Thus, if an employer has a locked in salary sacrifice arrangement that results in the employee’s concessional contributions cap being exceeded, an additional 31.5% excess CC tax is payable. Moreover, there is nothing preventing an employee with multiple employers from contributing towards an employee’s super fund that results in excess CC tax. Each employer is required to comply with the 9% contribution or pay the shortfall penalties. Even worse, if an employee makes their maximum NCCs, then they would also receive an excess NCC assessment since excess CCs count towards their NCC cap.
Prior to mid-2007 there was to be a mechanism where an employee could forever elect out of receiving SG support from a particular employer if they obtained appropriate evidence that they had exceeded their pension reasonable benefit limit (‘RBL’). Sadly, there is no longer a mechanism where an employee can opt out of the SG system.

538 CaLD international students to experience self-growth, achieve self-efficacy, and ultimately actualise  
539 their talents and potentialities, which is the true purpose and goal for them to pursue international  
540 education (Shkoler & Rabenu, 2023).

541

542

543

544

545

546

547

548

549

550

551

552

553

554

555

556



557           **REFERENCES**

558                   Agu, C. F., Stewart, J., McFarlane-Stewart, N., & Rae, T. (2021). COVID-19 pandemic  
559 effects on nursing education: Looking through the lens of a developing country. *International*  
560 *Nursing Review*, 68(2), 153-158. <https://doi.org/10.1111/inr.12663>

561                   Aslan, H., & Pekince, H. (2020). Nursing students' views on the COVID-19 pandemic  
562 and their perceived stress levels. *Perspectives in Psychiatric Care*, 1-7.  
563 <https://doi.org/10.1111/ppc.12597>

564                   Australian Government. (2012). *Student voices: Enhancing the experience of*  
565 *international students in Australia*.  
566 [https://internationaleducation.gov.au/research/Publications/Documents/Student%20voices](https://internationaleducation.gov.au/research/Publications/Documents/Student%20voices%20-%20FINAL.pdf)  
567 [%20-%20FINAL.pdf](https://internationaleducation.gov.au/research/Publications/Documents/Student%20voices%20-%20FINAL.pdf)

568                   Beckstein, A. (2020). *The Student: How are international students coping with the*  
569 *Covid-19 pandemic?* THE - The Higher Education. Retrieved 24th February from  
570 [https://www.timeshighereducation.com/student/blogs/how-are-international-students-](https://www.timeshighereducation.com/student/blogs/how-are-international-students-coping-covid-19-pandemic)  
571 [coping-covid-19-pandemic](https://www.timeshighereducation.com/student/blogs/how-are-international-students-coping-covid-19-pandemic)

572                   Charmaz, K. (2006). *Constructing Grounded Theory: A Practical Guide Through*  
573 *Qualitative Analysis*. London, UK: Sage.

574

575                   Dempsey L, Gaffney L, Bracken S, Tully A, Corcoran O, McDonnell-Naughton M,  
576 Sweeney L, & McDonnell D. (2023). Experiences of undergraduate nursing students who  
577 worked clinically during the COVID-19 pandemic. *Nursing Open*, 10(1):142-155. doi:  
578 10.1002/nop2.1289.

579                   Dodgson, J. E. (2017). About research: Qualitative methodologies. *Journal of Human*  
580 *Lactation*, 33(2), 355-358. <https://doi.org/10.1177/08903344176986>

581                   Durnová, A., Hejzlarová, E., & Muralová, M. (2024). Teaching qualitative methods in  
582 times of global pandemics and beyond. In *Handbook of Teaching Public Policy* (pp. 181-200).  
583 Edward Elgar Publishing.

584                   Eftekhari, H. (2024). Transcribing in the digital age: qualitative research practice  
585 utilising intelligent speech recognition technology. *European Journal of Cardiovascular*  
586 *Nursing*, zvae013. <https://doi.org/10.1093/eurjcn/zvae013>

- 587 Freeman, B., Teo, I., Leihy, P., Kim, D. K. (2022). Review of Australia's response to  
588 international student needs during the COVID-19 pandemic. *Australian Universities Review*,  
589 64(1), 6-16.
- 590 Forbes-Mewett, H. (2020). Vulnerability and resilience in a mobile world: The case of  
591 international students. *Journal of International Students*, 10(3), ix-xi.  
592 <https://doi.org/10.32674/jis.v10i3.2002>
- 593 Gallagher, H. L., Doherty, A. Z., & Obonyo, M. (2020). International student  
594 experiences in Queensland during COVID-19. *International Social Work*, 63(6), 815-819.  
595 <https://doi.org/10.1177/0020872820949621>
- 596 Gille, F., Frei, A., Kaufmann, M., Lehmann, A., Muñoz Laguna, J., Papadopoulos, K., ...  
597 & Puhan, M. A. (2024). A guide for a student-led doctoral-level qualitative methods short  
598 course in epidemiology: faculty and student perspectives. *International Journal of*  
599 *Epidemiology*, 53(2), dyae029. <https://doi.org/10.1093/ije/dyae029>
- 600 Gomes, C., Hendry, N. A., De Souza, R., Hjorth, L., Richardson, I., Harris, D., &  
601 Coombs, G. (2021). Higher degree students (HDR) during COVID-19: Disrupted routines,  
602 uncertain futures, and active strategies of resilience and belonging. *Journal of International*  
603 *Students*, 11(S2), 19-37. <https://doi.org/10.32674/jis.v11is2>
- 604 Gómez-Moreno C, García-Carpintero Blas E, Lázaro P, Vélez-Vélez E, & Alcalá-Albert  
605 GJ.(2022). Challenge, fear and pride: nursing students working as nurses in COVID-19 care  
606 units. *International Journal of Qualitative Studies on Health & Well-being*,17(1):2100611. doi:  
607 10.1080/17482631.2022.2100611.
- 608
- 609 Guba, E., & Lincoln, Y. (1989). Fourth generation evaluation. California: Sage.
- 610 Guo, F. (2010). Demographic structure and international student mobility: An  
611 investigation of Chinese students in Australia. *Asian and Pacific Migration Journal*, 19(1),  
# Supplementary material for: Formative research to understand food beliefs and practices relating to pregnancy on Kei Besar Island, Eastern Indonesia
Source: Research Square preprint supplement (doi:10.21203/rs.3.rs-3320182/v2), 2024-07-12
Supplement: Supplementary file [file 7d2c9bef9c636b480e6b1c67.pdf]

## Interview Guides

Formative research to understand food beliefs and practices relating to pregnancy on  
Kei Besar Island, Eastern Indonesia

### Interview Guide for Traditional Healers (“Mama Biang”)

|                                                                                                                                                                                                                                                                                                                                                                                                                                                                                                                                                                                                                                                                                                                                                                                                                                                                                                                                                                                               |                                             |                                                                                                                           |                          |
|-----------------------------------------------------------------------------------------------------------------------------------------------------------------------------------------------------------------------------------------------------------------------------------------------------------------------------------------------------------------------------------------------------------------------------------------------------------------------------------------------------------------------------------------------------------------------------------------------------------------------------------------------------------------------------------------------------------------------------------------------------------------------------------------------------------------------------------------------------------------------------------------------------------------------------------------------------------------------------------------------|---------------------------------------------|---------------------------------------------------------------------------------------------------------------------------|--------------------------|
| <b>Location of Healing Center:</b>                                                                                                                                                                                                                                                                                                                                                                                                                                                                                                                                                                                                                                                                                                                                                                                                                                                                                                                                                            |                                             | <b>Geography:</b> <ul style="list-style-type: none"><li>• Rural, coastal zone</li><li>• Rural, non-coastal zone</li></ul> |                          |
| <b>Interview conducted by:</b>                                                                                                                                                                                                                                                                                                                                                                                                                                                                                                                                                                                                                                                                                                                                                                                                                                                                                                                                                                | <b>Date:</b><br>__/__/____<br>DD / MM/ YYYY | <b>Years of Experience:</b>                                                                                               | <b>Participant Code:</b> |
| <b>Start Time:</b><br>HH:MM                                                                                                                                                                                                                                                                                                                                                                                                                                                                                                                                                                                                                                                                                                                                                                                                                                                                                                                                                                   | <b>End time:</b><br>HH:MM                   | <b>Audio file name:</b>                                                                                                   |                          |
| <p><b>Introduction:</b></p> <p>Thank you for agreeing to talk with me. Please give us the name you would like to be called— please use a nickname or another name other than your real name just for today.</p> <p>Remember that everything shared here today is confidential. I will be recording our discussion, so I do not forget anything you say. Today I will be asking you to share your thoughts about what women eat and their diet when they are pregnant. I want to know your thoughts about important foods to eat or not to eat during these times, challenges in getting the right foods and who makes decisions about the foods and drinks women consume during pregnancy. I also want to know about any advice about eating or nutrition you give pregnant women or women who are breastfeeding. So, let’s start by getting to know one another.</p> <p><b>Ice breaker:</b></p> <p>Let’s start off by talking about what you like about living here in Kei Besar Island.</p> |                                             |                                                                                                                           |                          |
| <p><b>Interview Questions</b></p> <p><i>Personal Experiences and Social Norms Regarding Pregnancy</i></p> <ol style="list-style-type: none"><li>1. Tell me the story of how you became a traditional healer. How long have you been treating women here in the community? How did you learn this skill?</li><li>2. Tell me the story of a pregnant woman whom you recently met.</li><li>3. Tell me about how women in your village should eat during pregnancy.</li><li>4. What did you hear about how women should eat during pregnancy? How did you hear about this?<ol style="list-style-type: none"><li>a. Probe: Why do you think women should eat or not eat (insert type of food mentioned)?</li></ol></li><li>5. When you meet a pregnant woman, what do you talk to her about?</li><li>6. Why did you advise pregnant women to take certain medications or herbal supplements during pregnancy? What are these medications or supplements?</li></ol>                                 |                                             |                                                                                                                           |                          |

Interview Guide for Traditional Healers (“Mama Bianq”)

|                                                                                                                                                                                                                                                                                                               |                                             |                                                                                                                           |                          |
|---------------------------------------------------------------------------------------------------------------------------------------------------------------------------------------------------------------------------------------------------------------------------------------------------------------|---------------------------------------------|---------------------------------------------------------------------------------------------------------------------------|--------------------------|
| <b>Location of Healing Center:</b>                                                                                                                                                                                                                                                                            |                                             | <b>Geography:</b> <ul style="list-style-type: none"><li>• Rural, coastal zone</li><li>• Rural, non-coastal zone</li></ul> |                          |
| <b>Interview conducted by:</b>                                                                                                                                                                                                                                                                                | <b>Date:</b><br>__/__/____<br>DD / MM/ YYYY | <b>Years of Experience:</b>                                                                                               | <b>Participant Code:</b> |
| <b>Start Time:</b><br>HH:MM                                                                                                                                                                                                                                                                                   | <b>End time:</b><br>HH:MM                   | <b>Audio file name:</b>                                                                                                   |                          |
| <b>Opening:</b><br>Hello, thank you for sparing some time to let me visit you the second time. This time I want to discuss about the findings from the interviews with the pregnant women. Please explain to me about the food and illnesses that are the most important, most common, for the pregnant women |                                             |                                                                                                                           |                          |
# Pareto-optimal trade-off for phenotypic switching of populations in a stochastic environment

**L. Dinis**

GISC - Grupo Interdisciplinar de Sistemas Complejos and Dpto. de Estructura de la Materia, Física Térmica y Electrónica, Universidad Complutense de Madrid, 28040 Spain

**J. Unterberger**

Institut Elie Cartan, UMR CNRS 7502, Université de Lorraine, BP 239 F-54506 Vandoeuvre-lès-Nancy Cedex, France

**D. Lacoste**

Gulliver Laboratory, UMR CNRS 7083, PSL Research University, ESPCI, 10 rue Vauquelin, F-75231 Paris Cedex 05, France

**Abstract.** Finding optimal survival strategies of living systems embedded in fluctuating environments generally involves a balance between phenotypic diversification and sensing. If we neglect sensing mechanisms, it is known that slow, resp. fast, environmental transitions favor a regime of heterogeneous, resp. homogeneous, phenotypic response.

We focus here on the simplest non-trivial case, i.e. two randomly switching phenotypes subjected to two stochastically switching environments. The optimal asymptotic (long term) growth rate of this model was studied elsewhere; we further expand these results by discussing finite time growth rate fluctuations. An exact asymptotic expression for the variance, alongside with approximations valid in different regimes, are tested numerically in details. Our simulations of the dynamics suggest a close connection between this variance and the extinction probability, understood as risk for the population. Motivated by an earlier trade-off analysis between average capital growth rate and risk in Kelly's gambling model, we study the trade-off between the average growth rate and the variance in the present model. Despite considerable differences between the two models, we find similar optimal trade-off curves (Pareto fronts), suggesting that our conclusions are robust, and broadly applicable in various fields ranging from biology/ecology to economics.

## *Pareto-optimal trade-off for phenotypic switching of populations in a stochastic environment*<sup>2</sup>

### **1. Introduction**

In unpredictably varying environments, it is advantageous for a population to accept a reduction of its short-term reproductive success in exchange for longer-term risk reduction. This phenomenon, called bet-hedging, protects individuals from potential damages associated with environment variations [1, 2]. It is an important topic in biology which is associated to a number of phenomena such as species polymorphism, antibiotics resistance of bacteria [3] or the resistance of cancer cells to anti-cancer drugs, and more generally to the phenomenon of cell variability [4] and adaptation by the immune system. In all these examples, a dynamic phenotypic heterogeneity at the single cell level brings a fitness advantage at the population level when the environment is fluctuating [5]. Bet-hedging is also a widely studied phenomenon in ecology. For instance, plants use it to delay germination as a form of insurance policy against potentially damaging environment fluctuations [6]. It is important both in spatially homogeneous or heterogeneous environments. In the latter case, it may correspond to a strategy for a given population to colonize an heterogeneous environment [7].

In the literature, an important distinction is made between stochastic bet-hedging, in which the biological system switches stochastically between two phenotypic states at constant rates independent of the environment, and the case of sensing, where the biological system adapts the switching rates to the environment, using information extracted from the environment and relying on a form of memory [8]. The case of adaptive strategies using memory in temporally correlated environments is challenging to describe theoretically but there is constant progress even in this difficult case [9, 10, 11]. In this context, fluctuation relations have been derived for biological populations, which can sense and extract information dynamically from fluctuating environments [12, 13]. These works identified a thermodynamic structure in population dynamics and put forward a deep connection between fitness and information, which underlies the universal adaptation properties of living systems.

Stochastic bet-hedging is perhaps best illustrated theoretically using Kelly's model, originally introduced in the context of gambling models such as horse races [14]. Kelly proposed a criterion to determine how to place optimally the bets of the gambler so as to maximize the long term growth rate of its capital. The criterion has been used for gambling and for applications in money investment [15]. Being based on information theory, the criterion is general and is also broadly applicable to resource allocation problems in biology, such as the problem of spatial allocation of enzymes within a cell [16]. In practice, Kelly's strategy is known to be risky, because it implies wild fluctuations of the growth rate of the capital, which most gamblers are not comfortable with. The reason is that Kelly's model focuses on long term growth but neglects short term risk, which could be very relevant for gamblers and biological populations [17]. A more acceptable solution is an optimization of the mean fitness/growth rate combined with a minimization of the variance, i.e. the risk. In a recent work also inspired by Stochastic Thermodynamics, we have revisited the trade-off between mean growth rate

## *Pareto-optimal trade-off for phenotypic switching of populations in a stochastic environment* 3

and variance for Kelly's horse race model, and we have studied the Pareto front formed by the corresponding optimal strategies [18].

Advisers must therefore take extreme care in recommending contributing strategies. DBA’s FY2010 SMSF Checklist can assist in this regard.
30 June 2009 Deadline for Related Unit Trusts
Many are aware of SMSFD 2007/1 which provides that a present entitlement once applied or dealt with as requested by an SMSF is taken to have been ‘received’. However, many have overlooked that the SMSF must have made their investment in the related unit trust prior to the 30 June 2009 deadline. To do this the process of issuing units in the unit trust deed must be finalised prior to 30 June 2009.
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DBA News contains general information only and is no substitute for expert advice. Further, DBA is not licensed under the Corporations Act 2001 (Cth) to give financial product advice. We therefore disclaim all liability howsoever arising from reliance on any information herein unless you are a client of DBA that has specifically requested our advice.